Analytic philosophy in the mid-twentieth century underwent a major change of direction when a prior consensus in favour of extensionalism and descriptivism made way for approaches using direct reference, the necessity of identity, and modal logic. All three were first defended, in the analytic tradition, by one woman, Ruth Barcan Marcus. But analytic philosophers now tend to credit them to Kripke, or Kripke and Carnap. I argue that seeing Barcan Marcus in her historical context – one dominated by extensionalism and descriptivism – allows us to see how revolutionary she was, in her work and influence on others. I focus on her debate with Quine, who found himself retreating to softened, and more viable, versions of his anti-modal arguments as a result. I make the case that Barcan's formal logic was philosophically well-motivated, connected to her views on reference, and well-matched to her overall views on ontology. Her nominalism led her to reject posits which could not be directly observed and named, such as possibilia. She conceived of modal calculi as facilitating counterfactual discourse about actual existents. I conclude that her contributions ought to be recognized as the first of their kind. Barcan Marcus must be awarded a central place in the canon of analytic philosophy.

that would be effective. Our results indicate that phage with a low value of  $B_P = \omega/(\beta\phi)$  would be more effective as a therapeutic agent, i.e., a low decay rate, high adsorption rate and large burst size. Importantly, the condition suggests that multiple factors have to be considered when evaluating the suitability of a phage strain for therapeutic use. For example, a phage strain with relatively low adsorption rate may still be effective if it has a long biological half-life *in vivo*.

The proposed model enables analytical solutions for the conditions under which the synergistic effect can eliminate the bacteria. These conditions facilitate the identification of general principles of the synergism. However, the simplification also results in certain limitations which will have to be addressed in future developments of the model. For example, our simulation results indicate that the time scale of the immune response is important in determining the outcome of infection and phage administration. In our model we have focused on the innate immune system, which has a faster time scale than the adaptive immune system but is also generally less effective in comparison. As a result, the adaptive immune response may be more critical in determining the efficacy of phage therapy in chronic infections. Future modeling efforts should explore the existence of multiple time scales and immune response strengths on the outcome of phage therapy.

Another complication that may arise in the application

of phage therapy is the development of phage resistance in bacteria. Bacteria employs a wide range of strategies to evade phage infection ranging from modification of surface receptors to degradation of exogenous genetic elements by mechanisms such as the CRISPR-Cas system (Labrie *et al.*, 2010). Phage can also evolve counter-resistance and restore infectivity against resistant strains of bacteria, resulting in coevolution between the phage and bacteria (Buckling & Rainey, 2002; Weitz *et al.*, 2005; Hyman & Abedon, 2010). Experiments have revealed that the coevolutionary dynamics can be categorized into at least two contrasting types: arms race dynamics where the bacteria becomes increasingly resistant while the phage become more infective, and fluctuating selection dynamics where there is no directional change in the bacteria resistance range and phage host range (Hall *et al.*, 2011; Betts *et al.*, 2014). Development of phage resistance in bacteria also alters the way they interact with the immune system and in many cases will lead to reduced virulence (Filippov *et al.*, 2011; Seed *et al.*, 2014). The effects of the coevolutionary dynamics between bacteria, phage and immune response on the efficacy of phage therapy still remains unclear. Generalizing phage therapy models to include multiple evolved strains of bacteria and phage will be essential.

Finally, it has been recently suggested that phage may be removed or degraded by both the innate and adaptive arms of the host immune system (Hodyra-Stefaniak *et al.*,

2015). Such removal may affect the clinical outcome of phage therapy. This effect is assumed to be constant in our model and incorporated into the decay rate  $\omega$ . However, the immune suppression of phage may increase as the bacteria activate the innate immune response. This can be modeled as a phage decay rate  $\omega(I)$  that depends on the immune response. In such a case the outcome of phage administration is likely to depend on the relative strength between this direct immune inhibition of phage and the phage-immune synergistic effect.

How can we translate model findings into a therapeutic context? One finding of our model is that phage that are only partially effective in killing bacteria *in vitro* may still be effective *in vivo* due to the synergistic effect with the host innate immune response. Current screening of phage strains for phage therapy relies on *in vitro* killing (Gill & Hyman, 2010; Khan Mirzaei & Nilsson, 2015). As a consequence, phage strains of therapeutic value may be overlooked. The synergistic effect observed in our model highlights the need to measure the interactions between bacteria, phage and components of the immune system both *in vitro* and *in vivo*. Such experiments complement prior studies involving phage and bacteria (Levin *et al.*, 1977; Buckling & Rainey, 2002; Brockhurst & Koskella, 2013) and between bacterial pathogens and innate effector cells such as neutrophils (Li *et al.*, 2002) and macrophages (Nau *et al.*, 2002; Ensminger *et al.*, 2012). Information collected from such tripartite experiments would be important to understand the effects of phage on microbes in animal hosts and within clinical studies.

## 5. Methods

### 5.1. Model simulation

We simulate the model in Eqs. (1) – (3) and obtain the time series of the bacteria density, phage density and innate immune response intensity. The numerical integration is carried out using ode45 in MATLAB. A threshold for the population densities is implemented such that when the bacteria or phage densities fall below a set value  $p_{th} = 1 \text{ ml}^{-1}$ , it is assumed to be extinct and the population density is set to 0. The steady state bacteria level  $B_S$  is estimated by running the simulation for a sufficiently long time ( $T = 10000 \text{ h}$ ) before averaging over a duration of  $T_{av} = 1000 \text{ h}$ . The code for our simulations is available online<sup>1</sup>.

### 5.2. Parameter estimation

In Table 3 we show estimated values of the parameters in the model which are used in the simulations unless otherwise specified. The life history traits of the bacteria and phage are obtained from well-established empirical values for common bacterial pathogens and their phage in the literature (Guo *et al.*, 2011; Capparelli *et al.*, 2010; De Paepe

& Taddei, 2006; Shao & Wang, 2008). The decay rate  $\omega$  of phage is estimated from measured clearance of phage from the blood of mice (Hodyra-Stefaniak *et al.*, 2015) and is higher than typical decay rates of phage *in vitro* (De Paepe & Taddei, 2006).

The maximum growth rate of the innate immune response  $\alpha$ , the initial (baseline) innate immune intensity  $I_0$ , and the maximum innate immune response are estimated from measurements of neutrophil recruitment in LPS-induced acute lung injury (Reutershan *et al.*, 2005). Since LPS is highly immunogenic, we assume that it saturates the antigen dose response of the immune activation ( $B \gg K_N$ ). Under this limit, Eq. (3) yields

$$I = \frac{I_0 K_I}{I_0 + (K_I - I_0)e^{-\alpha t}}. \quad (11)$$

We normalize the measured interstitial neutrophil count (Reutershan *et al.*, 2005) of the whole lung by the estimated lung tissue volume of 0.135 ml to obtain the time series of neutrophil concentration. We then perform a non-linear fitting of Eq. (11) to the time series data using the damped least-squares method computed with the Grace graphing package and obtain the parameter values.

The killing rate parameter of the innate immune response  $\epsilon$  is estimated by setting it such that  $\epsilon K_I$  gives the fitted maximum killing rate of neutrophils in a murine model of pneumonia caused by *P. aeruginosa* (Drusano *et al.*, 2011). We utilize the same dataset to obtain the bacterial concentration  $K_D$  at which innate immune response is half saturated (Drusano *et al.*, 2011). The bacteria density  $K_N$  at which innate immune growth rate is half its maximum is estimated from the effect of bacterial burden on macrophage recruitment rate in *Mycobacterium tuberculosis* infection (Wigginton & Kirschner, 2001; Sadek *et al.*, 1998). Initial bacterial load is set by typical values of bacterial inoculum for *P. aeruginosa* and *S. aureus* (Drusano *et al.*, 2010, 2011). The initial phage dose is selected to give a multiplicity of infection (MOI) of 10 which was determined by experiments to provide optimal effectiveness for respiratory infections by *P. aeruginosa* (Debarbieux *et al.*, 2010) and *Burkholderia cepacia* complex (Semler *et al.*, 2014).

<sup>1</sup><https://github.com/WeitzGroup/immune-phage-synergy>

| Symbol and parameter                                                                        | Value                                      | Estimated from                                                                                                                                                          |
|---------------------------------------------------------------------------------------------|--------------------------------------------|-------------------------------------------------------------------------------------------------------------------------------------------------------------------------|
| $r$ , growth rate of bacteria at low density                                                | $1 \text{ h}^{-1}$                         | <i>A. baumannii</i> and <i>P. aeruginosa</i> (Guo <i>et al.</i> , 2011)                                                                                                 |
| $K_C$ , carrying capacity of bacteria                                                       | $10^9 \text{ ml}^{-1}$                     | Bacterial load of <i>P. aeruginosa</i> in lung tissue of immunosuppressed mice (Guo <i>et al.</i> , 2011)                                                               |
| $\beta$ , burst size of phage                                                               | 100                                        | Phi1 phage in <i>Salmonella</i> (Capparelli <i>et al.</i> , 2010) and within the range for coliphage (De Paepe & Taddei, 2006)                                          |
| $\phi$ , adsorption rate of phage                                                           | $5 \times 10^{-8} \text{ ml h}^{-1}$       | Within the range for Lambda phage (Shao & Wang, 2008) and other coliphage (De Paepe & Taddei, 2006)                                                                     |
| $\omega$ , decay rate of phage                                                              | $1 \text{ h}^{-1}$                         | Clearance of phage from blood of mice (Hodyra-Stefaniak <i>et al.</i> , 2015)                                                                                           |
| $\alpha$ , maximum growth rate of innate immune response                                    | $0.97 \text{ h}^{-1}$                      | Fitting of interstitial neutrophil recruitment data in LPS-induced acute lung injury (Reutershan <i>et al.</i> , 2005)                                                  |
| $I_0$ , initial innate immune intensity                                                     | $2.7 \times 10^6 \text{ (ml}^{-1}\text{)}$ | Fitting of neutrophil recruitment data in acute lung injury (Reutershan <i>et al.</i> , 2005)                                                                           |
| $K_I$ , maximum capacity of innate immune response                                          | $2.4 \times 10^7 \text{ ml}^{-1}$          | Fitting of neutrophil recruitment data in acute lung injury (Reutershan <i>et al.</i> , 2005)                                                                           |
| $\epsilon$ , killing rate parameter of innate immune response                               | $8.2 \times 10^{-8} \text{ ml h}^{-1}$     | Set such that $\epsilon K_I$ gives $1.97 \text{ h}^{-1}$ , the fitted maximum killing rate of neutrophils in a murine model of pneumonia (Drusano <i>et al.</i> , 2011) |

Comment: This would be excellent supplementary reading for a course in modal logic or metaphysics which incorporated the work of Ruth Barcan Marcus. Clearly discusses her contribution to modal logic and metaphysics and discusses the history of this period of philosophy in depth.